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Let $p$ be an odd prime. Show that $f(x)=\displaystyle\sum_{i=0}^{p-1}(p-i)x^i$ is irreducible.

Clearly modulo reduction doesn't work (Since this is already modulo $p$ reduced). So I've thought about the roots of this polynomial. Note $f(0)=p, f(-1)=\frac{1+p}{2}$, but then I'm stuck. Any hint would be appreciated!


marked as duplicate by Jyrki Lahtonen, Joshua Mundinger, Paul Frost, Feng Shao, nmasanta Aug 22 at 1:56

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  • $\begingroup$ Thanks for the edit! $\endgroup$ – Kai Jun 19 at 2:34
  • $\begingroup$ If this is already modulo $p$ reduced, (i.e $p =0$) then $x$ is a factor of this polynomial. Should the index be starting at $1$ instead of $0$? Maybe you should clarify what field you want to say it's irreducible over? $\endgroup$ – Dionel Jaime Jun 19 at 3:05
  • $\begingroup$ Sorry for the possible confusion. The coefficient of $x_{p-1}$ is 1. Expanded, my polynomial is $x^{p-1}+2x^{p-2}+...+p$. I'm trying to show it is irreducible over $\mathbb Z[x]$ $\endgroup$ – Kai Jun 19 at 4:03
  • $\begingroup$ This may not end up helping, but $(x-1)f(x) = x \Phi_p(x) - p$, where $\Phi_p(x) = 1 + x + \cdots + x^{p-1}$ is the $p$th cyclotomic polynomial $\endgroup$ – Cardboard Box Jun 19 at 5:16
  • $\begingroup$ This follows by @Dane's comment and en.wikipedia.org/wiki/Eisenstein%27s_criterion applied to a shifted version of the polynomial. $\endgroup$ – pre-kidney Jun 19 at 5:29

First note that $$ (x-1) f(x) = x^p+x^{p-1} + x^{p-2} + \cdots + x - p . $$ This implies that all the roots of $f$ lie strictly outside the unit circle. For if $f(\alpha) = 0$ with $|\alpha| \leq 1$, then rearranging the above and using the triangle inequality yields $$ p = |\alpha + \cdots + \alpha^{p}| \leq \sum_{i=1}^{p} |\alpha|^i \leq p . $$ But this implies that $\alpha = 1$, which is not the case since $f(1) \neq 0$.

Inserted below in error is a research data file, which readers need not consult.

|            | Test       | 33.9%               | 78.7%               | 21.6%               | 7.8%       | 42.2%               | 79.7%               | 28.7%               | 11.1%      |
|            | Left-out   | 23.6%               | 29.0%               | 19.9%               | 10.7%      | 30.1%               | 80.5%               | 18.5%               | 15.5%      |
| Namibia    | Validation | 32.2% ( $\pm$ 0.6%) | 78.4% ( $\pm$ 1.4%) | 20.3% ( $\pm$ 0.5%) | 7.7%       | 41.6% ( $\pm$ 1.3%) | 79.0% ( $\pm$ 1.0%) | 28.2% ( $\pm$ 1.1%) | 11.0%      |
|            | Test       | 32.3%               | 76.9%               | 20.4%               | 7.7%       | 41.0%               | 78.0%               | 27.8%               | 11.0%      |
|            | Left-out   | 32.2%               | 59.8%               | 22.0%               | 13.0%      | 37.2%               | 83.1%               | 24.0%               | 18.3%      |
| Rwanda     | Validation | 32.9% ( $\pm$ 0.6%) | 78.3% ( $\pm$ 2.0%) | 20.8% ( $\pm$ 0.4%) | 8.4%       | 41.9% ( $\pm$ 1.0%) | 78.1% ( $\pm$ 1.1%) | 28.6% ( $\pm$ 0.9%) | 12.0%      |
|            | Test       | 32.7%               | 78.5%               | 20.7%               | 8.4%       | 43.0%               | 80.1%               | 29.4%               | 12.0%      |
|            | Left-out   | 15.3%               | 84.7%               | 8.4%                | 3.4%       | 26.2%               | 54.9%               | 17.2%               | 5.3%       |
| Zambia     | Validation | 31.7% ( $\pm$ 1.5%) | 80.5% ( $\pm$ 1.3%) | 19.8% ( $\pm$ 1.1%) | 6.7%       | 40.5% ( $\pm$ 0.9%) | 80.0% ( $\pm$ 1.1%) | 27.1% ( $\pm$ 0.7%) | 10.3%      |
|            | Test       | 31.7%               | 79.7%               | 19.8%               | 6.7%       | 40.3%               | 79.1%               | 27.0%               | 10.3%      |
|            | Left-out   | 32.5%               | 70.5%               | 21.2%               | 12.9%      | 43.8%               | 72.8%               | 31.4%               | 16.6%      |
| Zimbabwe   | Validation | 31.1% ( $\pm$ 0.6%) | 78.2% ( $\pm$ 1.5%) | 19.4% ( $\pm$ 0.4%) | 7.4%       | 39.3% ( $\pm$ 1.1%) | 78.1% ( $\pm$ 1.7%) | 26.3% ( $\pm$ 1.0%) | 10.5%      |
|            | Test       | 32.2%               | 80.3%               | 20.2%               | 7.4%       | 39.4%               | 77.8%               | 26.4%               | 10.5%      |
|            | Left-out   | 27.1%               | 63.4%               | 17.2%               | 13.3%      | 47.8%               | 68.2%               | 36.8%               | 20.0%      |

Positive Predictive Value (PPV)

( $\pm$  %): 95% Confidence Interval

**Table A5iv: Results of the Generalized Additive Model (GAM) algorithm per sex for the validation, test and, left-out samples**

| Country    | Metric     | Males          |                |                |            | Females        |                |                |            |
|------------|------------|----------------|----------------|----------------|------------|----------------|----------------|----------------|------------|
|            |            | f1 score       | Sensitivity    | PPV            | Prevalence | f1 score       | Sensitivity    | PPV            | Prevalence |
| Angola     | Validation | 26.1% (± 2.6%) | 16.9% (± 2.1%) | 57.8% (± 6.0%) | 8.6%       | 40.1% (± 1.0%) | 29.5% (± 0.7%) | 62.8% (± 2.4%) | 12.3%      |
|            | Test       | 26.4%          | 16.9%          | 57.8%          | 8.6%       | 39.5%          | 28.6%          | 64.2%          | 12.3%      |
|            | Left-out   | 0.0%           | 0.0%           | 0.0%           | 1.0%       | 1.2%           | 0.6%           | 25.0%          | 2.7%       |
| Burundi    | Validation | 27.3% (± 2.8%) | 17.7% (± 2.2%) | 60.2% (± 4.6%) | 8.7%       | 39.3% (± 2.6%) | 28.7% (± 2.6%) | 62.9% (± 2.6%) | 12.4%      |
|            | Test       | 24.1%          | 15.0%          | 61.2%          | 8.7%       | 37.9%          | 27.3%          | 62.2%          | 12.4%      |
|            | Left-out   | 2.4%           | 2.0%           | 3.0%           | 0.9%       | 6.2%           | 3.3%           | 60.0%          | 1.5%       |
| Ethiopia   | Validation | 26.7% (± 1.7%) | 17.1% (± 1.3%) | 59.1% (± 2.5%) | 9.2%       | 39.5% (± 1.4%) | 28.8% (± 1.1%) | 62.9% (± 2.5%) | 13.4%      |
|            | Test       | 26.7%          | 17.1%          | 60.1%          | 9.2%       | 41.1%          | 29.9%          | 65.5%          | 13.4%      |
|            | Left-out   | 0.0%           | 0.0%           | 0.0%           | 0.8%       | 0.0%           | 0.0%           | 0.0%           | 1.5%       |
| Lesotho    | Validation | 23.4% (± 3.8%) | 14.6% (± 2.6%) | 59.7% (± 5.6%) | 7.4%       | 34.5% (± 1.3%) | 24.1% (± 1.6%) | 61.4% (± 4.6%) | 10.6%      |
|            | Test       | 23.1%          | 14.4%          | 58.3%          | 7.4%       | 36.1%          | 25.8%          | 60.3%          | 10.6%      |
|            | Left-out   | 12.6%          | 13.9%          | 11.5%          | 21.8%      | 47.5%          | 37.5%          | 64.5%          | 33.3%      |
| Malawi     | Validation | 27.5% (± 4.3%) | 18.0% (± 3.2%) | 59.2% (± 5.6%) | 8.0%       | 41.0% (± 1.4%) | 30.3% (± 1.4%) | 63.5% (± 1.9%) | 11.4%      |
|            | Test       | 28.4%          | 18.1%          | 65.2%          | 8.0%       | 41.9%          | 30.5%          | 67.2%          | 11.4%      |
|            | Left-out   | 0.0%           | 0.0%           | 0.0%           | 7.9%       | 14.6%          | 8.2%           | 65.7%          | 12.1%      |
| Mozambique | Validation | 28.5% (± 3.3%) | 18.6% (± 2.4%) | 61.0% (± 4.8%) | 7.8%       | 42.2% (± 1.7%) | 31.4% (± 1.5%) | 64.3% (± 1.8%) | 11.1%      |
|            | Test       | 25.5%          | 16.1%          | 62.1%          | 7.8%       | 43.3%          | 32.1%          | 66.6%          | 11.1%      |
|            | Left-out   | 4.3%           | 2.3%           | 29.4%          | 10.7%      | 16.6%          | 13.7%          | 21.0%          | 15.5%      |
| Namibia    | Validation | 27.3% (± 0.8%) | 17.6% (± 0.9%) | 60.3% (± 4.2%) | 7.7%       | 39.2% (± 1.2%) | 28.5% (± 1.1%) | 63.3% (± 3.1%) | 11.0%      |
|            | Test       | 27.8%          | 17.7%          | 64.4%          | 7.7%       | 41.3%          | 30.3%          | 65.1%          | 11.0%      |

Now suppose that $f$ factors as $f = gh$. Then since $p = f(0) = g(0) h(0)$ is prime, one of $g$ or $h$ must have constant term equal to $\pm 1$. But then $\pm 1$ is the product of the roots of this factor, which are all greater than 1 in absolute value. But this is impossible, so we conclude that $f$ is irreducible.

  • $\begingroup$ $(x-1)f(x)$ should have degree $p$. Should it be $x^p+x^{p-1}+...+x-p$? $\endgroup$ – Kai Jun 21 at 22:11
  • $\begingroup$ Well done. Thank you! $\endgroup$ – Kai Jun 22 at 2:49
  • $\begingroup$ Any $\alpha$ on the unit circle will satisfy $\sum_{i=1}^{p} |\alpha|^i = p$, I think an additional idea is required to justify $\alpha=1$ particularly. $\endgroup$ – Sil Jun 23 at 9:19
  • $\begingroup$ No. For $\alpha=1$, the new function $x^p+x^{p-1}+\cdots+x-p=(x-1)f(x)$, so a factor of $x-1$ doesn't count. Plugging $\alpha=1$ into the original function $f(x)$, you clearly have a positive integer. $\endgroup$ – Kai Jun 23 at 20:40
  • 1
    $\begingroup$ The conclusion $\alpha = 1$ follows from having equality in both of the inequalities together. We have equality in the "triangle inequality" step $|\alpha + \cdots + \alpha^p| \leq \sum |\alpha|^i$ only if all the powers of $\alpha$ are pointing in the same direction. $\endgroup$ – Cardboard Box Jun 24 at 12:02

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